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Scaled-down parkway considered
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The Effingham Parkway could be forging ahead soon, though in a scaled-down version.

Effingham County commissioners discussed the possibilities for the Parkway earlier this month, and it appears they may be working in conjunction with Chatham County officials on a new plan.

Instead of a $120 million project, the revised version of the Parkway may be about $16 million and it may be scaled down in scope and length as a result.

“There is an alternate plan,” said Effingham County Commission Chairman Wendall Kessler.

According to Kessler, Chatham County is working on a plan to get the planned Parkway to Highway 30 and then participating in a plan to get the road from Highway 30 to the county line.

“I think Chatham County is interested in making something happen,” said Commissioner Steve Mason. “They have as much a problem as we do.”

The Parkway’s funding was included in the proposed special purpose local option sales tax, or T-SPLOST, that voters shot down last summer. The additional one-cent sales tax would have been assessed and accumulated on a regional basis, with the regions based on the counties covered by the various regional commissions.

The four phases of the Parkway were pegged at $133.9 million, and the T-SPLOST was supposed to pick up about $125 million of the tab. But that included a four-lane, limited access highway from Highway 119 to Highway 30 and then connect to Jimmy DeLoach Parkway in Chatham County.

The Parkway, if built, is expected to relieve much of the congestion that currently ties up the intersection of Interstate 95 and Highway 21 in Port Wentworth during rush hours.

Under a proposal now under consideration, the Parkway would cross Goshen Road  and then go to Blue Jay Road, where it would terminate. McCall Road would be re-aligned to cross Blue Jay at another point.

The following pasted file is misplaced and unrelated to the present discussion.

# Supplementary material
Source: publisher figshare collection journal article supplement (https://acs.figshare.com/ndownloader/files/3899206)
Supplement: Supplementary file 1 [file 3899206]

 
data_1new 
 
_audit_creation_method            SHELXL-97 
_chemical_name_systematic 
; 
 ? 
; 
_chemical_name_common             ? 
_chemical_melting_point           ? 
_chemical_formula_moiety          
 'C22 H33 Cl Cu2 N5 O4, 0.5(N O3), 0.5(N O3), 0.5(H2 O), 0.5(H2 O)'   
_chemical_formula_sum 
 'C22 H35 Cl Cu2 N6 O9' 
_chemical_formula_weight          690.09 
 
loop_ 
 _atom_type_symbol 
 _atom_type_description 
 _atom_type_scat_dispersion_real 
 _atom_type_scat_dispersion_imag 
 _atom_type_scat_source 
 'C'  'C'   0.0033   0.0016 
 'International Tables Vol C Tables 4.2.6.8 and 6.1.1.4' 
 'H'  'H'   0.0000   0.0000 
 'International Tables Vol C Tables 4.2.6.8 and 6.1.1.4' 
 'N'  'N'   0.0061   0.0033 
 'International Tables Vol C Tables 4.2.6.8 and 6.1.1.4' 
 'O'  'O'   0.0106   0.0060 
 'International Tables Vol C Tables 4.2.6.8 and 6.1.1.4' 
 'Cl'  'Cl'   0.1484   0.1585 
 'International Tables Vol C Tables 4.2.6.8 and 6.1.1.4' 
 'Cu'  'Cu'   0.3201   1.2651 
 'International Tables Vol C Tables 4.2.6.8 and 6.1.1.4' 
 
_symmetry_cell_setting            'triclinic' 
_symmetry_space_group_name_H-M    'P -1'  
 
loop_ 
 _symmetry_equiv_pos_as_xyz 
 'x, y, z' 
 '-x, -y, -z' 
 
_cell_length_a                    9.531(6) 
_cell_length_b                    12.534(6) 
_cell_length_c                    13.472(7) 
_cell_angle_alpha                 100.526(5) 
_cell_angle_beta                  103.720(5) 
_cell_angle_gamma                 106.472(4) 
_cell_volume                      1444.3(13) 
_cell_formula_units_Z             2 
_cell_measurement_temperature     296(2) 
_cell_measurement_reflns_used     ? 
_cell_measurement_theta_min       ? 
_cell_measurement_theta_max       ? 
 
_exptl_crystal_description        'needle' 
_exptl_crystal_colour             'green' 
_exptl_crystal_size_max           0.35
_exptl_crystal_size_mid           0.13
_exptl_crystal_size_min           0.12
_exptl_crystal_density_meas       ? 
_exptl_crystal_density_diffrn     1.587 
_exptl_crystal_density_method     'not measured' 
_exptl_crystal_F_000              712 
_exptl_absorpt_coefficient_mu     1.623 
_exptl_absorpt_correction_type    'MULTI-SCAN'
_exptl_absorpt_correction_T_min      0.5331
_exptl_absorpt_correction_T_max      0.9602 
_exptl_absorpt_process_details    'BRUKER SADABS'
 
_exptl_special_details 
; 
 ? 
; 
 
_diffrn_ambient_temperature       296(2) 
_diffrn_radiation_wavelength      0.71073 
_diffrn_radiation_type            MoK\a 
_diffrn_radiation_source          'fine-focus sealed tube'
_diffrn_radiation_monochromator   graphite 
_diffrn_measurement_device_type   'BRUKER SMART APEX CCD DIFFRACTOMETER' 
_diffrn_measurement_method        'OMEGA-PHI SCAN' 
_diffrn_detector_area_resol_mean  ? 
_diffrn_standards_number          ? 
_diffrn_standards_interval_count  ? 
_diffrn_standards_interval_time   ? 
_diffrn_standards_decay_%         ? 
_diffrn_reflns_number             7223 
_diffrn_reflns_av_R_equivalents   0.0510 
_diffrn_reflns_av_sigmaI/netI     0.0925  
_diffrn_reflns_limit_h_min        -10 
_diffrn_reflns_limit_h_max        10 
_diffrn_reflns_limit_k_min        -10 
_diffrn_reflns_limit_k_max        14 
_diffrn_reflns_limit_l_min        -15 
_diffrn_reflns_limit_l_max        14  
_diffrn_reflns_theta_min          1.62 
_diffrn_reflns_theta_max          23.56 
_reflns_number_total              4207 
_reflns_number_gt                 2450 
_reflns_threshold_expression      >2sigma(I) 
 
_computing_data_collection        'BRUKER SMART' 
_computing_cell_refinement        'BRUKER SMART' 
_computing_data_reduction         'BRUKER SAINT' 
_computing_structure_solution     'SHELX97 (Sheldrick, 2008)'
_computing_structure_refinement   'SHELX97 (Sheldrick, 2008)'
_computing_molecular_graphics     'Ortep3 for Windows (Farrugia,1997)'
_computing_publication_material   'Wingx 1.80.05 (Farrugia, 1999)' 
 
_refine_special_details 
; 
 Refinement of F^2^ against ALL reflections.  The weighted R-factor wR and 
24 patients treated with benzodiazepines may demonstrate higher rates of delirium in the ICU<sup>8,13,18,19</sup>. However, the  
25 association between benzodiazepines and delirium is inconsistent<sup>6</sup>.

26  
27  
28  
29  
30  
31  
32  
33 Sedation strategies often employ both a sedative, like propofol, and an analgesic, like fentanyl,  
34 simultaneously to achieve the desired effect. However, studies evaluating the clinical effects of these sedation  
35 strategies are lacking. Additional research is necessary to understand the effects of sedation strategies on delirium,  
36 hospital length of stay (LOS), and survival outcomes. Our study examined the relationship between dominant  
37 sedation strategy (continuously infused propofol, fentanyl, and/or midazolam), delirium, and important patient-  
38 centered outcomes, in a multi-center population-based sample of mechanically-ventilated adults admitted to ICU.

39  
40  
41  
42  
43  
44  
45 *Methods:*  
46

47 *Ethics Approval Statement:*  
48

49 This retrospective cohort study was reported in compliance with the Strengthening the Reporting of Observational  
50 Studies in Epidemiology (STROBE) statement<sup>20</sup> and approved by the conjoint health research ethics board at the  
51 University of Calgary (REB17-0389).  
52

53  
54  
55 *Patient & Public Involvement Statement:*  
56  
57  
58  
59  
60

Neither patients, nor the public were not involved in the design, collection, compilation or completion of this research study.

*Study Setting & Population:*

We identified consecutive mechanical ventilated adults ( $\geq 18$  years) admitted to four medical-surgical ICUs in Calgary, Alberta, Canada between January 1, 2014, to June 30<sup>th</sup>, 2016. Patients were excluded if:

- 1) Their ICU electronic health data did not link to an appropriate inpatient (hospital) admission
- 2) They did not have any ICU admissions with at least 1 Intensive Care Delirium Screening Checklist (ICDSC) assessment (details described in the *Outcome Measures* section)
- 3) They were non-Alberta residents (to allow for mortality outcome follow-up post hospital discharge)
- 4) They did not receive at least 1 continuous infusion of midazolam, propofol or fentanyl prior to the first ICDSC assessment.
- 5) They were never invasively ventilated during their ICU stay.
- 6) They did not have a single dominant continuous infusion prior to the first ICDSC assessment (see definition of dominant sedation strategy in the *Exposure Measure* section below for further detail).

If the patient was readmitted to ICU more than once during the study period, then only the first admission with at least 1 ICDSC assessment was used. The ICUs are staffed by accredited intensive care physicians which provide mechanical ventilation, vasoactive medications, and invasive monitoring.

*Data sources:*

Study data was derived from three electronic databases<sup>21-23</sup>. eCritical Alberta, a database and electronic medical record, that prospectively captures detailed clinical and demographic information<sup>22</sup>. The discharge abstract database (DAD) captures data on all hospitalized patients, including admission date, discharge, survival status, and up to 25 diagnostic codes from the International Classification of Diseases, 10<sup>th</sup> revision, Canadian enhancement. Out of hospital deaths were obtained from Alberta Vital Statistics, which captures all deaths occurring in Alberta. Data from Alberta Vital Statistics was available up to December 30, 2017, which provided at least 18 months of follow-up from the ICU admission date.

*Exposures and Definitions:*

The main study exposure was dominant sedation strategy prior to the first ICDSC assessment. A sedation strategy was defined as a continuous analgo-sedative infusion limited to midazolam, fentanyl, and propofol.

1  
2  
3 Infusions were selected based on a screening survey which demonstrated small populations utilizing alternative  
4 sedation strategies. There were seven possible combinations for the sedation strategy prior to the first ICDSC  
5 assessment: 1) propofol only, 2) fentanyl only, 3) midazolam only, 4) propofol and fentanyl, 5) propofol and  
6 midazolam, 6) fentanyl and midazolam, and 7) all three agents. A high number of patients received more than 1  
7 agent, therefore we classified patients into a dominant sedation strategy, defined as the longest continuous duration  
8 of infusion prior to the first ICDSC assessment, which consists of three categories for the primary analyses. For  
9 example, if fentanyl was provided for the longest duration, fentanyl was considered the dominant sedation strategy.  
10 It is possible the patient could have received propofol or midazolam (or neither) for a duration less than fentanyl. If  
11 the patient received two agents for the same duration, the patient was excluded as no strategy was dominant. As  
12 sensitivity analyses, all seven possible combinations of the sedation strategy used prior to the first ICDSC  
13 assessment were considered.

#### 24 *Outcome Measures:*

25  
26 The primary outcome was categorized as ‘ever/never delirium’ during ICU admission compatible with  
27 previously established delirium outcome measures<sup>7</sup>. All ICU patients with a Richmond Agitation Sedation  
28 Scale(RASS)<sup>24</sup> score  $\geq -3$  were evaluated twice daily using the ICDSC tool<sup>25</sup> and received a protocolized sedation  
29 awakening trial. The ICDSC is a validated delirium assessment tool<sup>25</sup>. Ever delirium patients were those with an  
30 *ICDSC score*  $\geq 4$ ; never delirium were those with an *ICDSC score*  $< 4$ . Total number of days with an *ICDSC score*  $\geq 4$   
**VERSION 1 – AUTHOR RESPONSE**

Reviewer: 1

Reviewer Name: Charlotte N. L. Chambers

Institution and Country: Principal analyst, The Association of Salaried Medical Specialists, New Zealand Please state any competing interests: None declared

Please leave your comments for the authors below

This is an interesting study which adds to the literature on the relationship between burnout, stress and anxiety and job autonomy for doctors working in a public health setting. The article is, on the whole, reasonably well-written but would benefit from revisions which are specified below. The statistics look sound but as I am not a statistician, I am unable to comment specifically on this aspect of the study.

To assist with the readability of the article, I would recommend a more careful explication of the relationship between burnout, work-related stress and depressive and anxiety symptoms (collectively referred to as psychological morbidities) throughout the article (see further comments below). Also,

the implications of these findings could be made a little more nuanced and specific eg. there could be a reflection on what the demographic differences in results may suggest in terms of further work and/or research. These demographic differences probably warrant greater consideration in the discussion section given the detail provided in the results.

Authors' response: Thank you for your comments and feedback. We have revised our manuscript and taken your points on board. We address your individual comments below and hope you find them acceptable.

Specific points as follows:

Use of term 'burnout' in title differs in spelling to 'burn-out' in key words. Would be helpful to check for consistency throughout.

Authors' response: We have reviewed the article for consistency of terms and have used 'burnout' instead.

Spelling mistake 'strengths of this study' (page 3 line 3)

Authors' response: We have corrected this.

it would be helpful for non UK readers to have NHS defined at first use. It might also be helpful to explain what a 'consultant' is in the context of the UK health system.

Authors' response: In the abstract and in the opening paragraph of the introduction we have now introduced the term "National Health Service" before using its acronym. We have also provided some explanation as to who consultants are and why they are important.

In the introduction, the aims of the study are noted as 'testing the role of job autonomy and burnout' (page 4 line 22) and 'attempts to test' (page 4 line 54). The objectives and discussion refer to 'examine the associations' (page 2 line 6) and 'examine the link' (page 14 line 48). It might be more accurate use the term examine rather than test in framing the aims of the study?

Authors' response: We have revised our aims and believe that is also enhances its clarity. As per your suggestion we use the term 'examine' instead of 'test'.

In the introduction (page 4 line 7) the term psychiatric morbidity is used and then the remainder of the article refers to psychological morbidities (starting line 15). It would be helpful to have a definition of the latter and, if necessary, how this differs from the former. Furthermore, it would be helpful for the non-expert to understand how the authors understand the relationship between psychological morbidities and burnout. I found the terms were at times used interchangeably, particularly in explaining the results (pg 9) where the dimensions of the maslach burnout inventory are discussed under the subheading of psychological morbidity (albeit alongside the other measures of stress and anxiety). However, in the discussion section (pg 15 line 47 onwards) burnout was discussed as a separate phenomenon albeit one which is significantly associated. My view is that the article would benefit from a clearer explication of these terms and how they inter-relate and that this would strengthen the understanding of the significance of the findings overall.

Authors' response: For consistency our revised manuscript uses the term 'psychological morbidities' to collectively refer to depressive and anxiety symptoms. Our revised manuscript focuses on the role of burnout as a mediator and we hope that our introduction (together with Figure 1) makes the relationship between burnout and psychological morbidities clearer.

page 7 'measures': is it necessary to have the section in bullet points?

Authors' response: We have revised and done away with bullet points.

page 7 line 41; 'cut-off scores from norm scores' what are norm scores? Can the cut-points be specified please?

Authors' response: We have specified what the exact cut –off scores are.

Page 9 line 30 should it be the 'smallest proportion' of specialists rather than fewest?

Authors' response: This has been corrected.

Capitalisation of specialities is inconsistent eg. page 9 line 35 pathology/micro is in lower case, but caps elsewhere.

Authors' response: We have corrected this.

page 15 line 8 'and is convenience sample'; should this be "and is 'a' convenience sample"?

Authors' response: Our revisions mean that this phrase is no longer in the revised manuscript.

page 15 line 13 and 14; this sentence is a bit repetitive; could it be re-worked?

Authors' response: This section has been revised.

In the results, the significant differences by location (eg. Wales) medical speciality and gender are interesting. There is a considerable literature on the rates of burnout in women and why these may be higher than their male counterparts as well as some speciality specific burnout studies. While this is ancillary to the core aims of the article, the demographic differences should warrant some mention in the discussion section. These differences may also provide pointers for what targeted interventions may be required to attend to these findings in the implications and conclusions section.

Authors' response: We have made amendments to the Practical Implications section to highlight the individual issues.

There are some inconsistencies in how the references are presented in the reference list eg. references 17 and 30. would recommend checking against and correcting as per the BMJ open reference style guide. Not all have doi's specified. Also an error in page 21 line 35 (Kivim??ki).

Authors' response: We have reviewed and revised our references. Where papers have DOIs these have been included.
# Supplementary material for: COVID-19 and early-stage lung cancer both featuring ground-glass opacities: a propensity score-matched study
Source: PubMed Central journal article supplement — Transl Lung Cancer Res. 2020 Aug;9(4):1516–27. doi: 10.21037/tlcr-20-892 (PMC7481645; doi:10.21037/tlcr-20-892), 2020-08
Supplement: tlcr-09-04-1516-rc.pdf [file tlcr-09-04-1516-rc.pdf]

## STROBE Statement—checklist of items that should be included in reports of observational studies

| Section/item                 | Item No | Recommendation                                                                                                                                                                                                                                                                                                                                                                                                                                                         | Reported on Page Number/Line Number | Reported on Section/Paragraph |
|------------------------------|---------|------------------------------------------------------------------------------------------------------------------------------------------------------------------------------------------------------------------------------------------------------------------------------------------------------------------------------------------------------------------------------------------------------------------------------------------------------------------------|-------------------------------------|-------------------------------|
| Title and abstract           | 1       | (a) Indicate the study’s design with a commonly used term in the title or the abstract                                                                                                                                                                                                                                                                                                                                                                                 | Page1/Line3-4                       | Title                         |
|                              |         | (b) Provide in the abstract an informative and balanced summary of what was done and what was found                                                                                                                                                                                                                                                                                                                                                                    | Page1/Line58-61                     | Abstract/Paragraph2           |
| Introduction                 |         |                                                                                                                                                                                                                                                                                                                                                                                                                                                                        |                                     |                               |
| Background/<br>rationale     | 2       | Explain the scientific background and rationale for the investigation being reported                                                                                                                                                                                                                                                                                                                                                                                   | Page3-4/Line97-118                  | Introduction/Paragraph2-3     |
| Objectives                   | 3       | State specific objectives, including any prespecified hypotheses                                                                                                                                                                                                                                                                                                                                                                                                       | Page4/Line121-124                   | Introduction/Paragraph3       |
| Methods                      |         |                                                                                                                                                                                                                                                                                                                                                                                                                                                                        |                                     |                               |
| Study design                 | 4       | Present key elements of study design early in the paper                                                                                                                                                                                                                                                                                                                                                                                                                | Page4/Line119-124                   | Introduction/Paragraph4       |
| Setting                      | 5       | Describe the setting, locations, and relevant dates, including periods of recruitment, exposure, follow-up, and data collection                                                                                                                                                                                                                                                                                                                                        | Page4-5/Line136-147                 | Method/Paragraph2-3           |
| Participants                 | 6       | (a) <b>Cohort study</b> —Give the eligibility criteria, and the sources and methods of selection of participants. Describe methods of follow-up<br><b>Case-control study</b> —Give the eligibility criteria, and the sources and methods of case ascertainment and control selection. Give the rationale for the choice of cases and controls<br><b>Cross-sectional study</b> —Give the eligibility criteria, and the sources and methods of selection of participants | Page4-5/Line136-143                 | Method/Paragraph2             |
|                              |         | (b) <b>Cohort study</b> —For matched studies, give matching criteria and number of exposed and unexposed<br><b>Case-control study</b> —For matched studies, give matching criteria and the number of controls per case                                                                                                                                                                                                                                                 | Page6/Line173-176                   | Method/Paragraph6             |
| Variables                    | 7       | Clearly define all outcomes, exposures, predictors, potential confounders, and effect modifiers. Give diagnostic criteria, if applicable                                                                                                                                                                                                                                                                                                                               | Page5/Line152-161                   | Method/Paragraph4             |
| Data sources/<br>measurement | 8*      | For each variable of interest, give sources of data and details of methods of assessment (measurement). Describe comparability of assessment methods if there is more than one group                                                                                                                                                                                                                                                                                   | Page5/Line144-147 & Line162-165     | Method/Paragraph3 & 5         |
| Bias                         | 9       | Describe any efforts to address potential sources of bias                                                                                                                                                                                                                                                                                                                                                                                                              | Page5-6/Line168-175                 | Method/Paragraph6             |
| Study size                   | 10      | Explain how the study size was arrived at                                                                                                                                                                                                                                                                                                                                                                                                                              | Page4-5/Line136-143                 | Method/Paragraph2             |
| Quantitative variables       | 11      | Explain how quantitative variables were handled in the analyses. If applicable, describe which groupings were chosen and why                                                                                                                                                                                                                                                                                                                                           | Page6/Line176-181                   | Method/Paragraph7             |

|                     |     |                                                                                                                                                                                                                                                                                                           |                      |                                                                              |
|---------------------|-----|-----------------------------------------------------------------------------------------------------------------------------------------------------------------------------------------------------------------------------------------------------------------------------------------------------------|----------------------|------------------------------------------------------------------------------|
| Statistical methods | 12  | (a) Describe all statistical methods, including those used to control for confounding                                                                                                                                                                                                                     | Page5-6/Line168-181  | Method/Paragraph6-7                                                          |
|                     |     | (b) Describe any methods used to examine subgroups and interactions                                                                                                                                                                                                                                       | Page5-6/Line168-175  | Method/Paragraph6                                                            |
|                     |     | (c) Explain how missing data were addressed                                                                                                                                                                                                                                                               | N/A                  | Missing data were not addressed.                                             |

The county transportation advisory board has voted to move forward with a two-lane road for the Parkway, rather than a four-lane road, but with enough right-of-way to accommodate a four-lane road.

“It solves any number of issues, and it goes from a new route to a capacity improvement project,” said temporary county administrator Toss Allen. “So it’s easier to throw back into the federal process and let the feds fund the additional capacity.”

Allen suggested that commissioners try to set up a meeting with its Congressional delegation about the possibility of moving its federal earmark, seeing if there is any interest in moving the earmark off Effingham Parkway and onto the I-16 and Old River Road intersection work.

The county has spent $1.5 million on the Parkway.

To relax the requirement on the earmark “literally takes an act of Congress,” Allen said. “We were told it was very difficult but not impossible to get done.”

Representatives from Effingham and Bryan counties met recently with staff from the Coastal Region Metropolitan Planning Organization, which carries out transportation planning for the Chatham Metropolitan Planning Commission, to discuss a proposal to become part of the CORE MPO’s planning area and how many seats would be available on the MPC.

The MPO also is including Effingham and Bryan counties in a study on park-and-ride lots. The MPC has contracted with Hussey, Gay, Bell and DeYoung for Highway 21 corridor study.